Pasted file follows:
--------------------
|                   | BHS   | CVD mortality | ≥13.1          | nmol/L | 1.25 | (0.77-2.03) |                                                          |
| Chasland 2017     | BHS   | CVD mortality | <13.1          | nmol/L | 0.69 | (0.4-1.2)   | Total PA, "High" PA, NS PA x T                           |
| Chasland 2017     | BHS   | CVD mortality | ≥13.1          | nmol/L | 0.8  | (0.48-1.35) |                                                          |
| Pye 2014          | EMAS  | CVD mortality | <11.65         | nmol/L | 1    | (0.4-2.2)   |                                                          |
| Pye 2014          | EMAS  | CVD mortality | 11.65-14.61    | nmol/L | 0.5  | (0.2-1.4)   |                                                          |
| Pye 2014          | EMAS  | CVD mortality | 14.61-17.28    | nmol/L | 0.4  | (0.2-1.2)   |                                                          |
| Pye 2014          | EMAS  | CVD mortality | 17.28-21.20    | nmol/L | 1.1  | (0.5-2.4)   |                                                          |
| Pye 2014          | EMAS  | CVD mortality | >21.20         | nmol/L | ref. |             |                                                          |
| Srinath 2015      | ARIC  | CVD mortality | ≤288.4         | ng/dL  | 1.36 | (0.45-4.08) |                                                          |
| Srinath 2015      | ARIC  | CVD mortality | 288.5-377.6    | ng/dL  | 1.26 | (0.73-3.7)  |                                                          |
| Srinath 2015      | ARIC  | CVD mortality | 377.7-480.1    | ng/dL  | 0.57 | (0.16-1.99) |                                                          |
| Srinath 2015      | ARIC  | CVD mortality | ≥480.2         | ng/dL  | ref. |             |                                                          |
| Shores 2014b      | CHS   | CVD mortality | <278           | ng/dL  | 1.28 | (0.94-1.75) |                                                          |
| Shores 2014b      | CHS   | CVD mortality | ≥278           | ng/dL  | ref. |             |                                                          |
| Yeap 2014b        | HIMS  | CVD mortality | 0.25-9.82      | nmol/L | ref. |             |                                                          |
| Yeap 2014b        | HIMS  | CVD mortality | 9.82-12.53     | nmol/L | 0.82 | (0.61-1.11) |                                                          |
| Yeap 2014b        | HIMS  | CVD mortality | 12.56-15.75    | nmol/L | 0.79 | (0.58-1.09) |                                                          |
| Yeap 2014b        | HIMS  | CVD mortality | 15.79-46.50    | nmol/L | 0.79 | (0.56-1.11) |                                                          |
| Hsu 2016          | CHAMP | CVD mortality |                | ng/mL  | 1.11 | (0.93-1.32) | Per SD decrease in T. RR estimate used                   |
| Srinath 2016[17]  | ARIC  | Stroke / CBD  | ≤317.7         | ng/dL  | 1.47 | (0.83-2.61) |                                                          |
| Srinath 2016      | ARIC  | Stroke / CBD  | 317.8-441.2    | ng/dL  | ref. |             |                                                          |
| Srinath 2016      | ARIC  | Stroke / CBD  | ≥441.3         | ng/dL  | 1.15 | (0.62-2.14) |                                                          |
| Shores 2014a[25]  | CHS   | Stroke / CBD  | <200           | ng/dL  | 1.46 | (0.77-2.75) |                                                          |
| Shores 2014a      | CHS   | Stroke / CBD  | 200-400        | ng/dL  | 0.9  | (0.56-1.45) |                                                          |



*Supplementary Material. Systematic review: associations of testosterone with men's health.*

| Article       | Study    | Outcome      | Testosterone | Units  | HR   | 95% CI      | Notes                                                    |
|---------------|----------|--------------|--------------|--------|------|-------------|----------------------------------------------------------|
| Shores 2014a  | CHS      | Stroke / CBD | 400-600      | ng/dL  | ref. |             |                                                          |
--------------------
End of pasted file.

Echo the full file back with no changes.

|                   | BHS   | CVD mortality | ≥13.1          | nmol/L | 1.25 | (0.77-2.03) |                                                          |
| Chasland 2017     | BHS   | CVD mortality | <13.1          | nmol/L | 0.69 | (0.4-1.2)   | Total PA, "High" PA, NS PA x T                           |
| Chasland 2017     | BHS   | CVD mortality | ≥13.1          | nmol/L | 0.8  | (0.48-1.35) |                                                          |
| Pye 2014          | EMAS  | CVD mortality | <11.65         | nmol/L | 1    | (0.4-2.2)   |                                                          |
| Pye 2014          | EMAS  | CVD mortality | 11.65-14.61    | nmol/L | 0.5  | (0.2-1.4)   |                                                          |
| Pye 2014          | EMAS  | CVD mortality | 14.61-17.28    | nmol/L | 0.4  | (0.2-1.2)   |                                                          |
| Pye 2014          | EMAS  | CVD mortality | 17.28-21.20    | nmol/L | 1.1  | (0.5-2.4)   |                                                          |
| Pye 2014          | EMAS  | CVD mortality | >21.20         | nmol/L | ref. |             |                                                          |
| Srinath 2015      | ARIC  | CVD mortality | ≤288.4         | ng/dL  | 1.36 | (0.45-4.08) |                                                          |
| Srinath 2015      | ARIC  | CVD mortality | 288.5-377.6    | ng/dL  | 1.26 | (0.73-3.7)  |                                                          |
| Srinath 2015      | ARIC  | CVD mortality | 377.7-480.1    | ng/dL  | 0.57 | (0.16-1.99) |                                                          |
| Srinath 2015      | ARIC  | CVD mortality | ≥480.2         | ng/dL  | ref. |             |                                                          |
| Shores 2014b      | CHS   | CVD mortality | <278           | ng/dL  | 1.28 | (0.94-1.75) |                                                          |
| Shores 2014b      | CHS   | CVD mortality | ≥278           | ng/dL  | ref. |             |                                                          |
| Yeap 2014b        | HIMS  | CVD mortality | 0.25-9.82      | nmol/L | ref. |             |                                                          |
| Yeap 2014b        | HIMS  | CVD mortality | 9.82-12.53     | nmol/L | 0.82 | (0.61-1.11) |                                                          |
| Yeap 2014b        | HIMS  | CVD mortality | 12.56-15.75    | nmol/L | 0.79 | (0.58-1.09) |                                                          |
| Yeap 2014b        | HIMS  | CVD mortality | 15.79-46.50    | nmol/L | 0.79 | (0.56-1.11) |                                                          |
| Hsu 2016          | CHAMP | CVD mortality |                | ng/mL  | 1.11 | (0.93-1.32) | Per SD decrease in T. RR estimate used                   |
| Srinath 2016[17]  | ARIC  | Stroke / CBD  | ≤317.7         | ng/dL  | 1.47 | (0.83-2.61) |                                                          |
| Srinath 2016      | ARIC  | Stroke / CBD  | 317.8-441.2    | ng/dL  | ref. |             |                                                          |
| Srinath 2016      | ARIC  | Stroke / CBD  | ≥441.3         | ng/dL  | 1.15 | (0.62-2.14) |                                                          |
| Shores 2014a[25]  | CHS   | Stroke / CBD  | <200           | ng/dL  | 1.46 | (0.77-2.75) |                                                          |
| Shores 2014a      | CHS   | Stroke / CBD  | 200-400        | ng/dL  | 0.9  | (0.56-1.45) |                                                          |



*Supplementary Material. Systematic review: associations of testosterone with men's health.*

| Article       | Study    | Outcome      | Testosterone | Units  | HR   | 95% CI      | Notes                                                    |
|---------------|----------|--------------|--------------|--------|------|-------------|----------------------------------------------------------|
| Shores 2014a  | CHS      | Stroke / CBD | 400-600      | ng/dL  | ref. |             |                                                          |